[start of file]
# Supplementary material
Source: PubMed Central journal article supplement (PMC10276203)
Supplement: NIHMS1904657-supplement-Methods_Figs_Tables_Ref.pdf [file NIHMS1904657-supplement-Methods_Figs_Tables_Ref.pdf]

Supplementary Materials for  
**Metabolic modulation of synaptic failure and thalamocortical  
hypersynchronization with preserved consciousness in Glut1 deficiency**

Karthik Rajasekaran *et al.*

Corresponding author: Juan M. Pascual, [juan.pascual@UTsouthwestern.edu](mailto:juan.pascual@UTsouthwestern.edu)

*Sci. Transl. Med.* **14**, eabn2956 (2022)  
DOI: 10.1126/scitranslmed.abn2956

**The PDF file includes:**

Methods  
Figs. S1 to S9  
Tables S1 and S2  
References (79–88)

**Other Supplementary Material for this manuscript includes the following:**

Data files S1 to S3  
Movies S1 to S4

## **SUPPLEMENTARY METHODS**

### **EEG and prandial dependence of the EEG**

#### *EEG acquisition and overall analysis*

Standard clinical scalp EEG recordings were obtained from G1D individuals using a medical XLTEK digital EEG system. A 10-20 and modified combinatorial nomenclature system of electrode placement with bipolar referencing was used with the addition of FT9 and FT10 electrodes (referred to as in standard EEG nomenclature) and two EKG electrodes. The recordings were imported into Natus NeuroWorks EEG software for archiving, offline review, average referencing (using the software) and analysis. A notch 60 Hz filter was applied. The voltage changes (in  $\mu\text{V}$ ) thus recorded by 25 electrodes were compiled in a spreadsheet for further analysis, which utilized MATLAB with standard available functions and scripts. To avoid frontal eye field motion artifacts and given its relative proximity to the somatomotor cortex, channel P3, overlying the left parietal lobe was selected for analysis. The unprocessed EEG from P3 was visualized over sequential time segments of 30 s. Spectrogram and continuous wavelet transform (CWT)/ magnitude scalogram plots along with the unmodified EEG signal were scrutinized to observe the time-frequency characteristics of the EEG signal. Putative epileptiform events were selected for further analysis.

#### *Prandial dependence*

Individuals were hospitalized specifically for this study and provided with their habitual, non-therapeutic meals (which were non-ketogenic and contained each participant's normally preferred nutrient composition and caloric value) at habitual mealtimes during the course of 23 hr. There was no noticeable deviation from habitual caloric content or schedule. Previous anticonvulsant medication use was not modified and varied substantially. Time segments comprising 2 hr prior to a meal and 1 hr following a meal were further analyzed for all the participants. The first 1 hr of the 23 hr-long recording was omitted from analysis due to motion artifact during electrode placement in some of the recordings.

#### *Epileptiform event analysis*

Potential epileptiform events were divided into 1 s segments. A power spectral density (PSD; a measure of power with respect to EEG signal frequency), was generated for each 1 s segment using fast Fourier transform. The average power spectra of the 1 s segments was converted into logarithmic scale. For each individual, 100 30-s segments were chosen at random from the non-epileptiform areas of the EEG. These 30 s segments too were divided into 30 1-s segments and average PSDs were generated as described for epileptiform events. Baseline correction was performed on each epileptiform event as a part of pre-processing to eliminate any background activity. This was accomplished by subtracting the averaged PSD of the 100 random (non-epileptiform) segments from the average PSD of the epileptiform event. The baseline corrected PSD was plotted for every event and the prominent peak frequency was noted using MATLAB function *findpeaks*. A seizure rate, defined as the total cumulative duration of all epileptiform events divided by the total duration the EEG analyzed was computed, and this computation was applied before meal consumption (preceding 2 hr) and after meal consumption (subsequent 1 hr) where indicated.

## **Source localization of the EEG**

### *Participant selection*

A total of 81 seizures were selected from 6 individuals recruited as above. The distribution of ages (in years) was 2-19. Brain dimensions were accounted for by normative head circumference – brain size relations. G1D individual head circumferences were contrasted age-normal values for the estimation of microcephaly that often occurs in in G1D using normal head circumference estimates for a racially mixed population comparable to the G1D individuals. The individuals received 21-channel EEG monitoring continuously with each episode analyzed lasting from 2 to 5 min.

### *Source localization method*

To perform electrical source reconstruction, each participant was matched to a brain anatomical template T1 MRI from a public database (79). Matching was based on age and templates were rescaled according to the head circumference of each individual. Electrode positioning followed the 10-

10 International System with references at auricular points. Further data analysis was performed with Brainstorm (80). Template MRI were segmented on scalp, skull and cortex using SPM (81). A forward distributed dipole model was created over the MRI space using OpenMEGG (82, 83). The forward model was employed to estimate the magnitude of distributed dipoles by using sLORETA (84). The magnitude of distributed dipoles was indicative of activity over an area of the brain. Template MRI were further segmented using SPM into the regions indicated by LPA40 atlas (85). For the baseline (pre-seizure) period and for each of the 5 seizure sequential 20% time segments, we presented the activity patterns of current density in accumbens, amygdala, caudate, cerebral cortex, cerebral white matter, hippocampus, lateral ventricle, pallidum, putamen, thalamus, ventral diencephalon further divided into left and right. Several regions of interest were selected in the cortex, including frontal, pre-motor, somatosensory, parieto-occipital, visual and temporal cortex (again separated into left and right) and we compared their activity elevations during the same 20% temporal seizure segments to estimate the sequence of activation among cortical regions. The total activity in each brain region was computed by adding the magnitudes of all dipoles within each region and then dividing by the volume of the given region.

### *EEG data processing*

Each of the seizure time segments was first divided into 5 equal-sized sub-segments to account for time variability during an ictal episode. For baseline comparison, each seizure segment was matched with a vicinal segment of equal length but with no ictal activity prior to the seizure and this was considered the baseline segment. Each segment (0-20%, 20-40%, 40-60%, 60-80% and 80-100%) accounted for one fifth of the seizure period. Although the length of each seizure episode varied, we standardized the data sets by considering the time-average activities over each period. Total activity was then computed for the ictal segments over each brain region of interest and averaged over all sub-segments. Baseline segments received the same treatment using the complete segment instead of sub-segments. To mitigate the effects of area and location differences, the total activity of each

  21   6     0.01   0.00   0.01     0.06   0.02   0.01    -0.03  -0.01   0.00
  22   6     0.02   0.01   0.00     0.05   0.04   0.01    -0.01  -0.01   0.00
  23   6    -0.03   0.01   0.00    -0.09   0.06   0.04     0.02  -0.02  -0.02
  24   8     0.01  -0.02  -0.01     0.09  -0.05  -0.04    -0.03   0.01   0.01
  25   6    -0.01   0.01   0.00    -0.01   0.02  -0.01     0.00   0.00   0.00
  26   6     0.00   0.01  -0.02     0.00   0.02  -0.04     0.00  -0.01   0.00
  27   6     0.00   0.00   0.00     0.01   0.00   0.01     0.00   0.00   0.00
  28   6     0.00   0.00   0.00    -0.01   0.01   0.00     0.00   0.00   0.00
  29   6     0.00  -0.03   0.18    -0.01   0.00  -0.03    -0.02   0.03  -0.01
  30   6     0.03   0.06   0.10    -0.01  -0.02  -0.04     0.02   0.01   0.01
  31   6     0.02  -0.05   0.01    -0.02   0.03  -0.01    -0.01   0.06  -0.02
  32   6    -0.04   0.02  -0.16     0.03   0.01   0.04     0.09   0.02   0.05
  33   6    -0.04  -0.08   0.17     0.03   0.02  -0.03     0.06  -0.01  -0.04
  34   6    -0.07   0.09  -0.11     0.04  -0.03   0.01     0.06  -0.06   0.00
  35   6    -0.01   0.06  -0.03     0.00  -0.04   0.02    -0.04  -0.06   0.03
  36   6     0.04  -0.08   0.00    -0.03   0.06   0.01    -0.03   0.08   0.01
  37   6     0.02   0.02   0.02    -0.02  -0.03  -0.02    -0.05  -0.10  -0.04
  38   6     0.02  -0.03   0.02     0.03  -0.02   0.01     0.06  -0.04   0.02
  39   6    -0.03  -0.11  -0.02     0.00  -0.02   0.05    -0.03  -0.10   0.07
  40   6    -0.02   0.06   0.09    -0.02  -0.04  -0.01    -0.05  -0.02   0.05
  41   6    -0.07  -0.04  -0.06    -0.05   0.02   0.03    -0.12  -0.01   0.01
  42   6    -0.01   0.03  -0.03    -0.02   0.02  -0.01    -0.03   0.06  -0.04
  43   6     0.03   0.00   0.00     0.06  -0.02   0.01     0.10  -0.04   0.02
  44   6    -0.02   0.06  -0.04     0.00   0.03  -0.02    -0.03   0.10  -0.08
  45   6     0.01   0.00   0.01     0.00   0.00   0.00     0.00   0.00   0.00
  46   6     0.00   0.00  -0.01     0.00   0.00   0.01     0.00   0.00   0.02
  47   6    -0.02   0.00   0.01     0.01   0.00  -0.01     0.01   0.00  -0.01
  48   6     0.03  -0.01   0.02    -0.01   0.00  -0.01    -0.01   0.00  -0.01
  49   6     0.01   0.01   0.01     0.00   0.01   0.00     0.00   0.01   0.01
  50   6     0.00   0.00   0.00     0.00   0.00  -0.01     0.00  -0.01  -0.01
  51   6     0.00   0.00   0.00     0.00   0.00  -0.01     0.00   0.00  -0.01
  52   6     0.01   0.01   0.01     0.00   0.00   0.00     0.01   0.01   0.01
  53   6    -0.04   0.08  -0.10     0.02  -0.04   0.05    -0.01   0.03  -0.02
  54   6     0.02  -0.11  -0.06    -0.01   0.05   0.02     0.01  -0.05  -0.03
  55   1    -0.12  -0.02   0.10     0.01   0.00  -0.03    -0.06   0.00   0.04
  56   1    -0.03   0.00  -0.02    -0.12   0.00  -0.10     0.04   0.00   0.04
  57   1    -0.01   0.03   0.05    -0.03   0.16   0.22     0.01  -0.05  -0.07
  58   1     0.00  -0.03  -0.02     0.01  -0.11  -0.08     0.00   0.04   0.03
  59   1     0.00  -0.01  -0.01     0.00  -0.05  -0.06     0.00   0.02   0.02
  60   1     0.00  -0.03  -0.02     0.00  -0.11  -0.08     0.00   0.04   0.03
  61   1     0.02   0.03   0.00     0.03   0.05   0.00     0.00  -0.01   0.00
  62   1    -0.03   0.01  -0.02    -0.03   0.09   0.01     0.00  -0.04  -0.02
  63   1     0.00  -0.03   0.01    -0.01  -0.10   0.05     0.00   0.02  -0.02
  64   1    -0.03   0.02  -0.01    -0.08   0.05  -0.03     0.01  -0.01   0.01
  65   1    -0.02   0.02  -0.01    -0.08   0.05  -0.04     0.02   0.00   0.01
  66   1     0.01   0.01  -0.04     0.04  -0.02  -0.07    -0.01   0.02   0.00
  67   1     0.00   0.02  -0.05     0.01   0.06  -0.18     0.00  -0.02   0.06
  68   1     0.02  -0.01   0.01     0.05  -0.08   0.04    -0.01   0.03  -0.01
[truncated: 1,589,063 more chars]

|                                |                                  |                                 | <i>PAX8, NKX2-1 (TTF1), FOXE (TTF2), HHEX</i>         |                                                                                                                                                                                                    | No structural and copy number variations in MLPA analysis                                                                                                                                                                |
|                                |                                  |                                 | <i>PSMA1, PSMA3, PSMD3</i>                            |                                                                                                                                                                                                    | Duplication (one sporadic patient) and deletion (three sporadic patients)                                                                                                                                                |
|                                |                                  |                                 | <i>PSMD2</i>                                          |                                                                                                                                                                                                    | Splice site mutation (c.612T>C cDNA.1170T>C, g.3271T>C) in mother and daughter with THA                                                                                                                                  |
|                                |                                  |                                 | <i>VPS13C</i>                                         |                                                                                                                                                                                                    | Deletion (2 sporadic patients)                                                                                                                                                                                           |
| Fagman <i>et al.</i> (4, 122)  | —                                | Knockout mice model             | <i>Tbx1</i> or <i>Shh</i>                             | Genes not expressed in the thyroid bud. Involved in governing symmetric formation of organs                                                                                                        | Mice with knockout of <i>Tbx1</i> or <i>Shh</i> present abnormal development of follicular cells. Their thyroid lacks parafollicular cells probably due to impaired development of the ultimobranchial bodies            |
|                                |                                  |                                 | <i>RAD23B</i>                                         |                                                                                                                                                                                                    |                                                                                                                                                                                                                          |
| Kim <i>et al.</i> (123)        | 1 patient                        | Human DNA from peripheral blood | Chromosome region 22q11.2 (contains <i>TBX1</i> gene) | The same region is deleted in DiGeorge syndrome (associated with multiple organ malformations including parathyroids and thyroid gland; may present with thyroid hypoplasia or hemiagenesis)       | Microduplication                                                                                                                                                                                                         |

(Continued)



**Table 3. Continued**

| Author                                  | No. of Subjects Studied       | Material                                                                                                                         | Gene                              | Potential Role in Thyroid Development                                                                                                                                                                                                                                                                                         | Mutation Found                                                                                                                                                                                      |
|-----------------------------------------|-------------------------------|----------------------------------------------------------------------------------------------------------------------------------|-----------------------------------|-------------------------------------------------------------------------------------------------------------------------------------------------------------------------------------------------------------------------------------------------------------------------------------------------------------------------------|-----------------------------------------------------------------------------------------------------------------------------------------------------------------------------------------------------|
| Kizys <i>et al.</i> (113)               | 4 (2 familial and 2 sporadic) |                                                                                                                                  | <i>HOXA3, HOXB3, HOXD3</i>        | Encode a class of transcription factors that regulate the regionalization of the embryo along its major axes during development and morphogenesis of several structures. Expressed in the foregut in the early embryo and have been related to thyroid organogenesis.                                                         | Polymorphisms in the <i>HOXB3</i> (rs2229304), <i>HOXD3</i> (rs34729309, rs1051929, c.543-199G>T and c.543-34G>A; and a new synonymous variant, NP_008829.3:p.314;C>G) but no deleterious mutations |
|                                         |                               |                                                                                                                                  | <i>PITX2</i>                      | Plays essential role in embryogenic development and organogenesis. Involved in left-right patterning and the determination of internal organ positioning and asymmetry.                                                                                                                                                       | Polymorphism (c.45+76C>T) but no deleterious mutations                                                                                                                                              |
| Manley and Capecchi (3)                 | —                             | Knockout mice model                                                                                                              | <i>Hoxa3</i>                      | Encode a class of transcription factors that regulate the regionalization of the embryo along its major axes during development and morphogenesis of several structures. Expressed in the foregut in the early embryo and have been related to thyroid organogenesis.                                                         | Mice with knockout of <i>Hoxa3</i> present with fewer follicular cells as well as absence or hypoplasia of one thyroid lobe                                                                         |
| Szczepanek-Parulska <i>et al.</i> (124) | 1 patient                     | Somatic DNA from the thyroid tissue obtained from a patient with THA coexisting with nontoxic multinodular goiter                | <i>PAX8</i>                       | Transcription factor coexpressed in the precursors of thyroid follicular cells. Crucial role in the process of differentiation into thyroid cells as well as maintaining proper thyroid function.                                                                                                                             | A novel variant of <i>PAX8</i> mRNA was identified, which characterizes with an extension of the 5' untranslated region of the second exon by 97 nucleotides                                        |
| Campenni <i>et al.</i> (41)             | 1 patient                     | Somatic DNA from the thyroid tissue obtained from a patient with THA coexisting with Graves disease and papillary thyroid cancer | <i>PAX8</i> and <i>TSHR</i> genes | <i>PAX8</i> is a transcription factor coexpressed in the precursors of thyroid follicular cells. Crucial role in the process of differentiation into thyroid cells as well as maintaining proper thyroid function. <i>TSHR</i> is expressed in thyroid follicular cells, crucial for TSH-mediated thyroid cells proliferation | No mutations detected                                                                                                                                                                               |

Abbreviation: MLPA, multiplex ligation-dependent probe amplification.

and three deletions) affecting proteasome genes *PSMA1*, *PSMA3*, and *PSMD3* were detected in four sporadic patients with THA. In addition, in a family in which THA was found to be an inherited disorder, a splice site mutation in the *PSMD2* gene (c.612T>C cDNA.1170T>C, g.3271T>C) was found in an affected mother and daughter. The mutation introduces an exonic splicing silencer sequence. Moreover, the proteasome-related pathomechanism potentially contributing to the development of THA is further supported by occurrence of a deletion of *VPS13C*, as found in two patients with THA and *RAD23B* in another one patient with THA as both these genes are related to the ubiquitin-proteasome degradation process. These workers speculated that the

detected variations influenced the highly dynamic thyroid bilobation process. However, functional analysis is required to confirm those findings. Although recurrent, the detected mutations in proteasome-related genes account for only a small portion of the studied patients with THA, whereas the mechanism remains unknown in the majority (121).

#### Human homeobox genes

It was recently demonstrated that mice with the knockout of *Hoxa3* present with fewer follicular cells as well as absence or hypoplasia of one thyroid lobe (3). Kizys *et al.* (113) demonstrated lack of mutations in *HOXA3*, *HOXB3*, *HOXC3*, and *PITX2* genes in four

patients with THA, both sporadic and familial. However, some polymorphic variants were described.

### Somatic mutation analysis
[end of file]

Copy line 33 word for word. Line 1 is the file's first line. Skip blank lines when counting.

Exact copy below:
### *EEG data processing*